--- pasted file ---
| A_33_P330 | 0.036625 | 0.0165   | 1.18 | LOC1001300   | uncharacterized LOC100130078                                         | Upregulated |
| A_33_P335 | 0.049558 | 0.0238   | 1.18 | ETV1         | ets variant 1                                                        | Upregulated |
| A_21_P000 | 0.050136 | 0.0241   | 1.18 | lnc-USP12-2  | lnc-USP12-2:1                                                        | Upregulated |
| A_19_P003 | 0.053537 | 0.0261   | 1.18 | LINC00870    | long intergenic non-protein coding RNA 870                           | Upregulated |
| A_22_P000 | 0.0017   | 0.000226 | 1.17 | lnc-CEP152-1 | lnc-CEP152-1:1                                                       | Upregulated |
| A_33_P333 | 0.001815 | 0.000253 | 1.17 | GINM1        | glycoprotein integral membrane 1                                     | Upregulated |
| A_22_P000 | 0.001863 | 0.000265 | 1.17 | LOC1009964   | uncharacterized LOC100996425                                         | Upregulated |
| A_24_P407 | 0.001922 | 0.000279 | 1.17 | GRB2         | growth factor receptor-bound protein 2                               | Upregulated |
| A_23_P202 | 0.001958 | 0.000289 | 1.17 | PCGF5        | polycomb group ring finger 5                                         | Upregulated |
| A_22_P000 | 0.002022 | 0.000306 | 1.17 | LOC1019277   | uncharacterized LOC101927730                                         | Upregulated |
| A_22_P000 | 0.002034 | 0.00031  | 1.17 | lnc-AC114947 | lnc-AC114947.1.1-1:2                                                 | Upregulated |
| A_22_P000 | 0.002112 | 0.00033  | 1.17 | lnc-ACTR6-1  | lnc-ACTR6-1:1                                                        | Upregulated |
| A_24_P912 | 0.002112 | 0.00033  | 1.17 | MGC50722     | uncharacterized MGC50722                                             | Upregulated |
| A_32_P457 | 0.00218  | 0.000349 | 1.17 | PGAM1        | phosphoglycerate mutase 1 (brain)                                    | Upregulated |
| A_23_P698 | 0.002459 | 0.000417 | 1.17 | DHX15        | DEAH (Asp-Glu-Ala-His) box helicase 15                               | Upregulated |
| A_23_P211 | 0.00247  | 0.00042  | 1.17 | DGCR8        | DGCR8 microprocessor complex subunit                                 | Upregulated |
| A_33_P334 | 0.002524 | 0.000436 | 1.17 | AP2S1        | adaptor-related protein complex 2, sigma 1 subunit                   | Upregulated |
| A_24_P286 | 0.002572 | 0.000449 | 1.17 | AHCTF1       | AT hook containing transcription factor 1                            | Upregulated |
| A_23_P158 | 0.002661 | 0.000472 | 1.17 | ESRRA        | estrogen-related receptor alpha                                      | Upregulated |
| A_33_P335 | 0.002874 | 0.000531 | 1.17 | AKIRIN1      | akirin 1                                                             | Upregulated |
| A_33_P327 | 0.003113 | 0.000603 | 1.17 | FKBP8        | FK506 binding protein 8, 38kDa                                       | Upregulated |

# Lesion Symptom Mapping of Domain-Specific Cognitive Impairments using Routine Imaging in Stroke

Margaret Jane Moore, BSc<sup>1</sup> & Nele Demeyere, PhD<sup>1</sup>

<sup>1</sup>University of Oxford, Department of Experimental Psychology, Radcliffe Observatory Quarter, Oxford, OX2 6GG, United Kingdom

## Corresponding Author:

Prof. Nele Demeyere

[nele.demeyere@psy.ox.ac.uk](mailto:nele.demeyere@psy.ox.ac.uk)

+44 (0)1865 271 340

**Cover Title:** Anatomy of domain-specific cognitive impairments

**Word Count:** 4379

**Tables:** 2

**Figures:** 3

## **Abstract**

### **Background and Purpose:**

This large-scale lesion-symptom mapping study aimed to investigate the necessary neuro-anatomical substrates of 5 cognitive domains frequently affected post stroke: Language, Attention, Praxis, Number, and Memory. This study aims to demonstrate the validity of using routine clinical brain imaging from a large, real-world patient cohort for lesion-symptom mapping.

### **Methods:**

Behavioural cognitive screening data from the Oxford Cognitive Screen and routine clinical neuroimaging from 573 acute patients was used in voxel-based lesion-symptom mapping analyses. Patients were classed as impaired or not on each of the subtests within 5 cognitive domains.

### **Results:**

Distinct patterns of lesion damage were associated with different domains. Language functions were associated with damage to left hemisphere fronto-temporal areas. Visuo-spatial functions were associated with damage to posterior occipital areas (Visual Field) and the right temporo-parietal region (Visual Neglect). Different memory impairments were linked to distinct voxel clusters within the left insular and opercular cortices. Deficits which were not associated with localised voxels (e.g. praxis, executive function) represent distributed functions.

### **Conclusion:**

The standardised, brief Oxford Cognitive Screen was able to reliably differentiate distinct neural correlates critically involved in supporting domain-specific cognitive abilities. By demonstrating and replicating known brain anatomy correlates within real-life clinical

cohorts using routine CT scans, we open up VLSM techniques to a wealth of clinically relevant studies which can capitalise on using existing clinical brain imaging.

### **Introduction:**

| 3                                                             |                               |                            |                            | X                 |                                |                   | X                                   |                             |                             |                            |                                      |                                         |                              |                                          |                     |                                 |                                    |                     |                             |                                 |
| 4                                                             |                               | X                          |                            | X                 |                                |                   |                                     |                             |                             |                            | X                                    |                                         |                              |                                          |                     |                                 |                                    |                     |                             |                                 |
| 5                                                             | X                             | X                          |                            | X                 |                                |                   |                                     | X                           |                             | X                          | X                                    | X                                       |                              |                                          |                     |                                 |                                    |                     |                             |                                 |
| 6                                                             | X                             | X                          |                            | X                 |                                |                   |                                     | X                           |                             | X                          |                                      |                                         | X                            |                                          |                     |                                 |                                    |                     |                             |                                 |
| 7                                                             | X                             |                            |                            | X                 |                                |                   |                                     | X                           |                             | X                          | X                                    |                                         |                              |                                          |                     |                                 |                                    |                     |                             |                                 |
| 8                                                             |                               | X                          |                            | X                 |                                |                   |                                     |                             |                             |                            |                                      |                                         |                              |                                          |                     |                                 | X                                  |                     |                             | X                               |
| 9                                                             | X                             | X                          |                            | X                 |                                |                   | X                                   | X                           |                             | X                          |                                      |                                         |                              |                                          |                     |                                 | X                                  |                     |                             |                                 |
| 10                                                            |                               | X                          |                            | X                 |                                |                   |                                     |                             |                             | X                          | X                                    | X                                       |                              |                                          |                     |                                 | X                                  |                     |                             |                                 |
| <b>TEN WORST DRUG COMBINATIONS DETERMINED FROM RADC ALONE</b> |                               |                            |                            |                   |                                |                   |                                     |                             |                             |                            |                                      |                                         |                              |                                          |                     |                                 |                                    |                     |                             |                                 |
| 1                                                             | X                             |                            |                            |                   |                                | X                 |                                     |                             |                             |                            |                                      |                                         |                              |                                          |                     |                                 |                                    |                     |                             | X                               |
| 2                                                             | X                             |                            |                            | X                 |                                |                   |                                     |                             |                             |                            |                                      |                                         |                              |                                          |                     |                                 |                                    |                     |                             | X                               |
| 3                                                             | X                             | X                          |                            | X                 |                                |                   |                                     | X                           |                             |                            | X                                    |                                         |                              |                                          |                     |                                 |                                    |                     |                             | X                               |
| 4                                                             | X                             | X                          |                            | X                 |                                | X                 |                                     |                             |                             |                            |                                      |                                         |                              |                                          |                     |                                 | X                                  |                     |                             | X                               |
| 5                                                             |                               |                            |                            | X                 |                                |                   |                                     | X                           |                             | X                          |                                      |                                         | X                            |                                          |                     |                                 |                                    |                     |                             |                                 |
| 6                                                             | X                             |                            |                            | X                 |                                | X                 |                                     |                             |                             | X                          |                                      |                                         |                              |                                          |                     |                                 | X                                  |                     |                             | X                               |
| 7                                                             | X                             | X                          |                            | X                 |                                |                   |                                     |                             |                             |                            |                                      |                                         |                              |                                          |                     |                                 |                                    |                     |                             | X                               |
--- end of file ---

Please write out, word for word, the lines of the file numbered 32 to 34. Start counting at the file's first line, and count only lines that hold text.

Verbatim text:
**Figures:** 3

## **Abstract**

### **Background and Purpose:**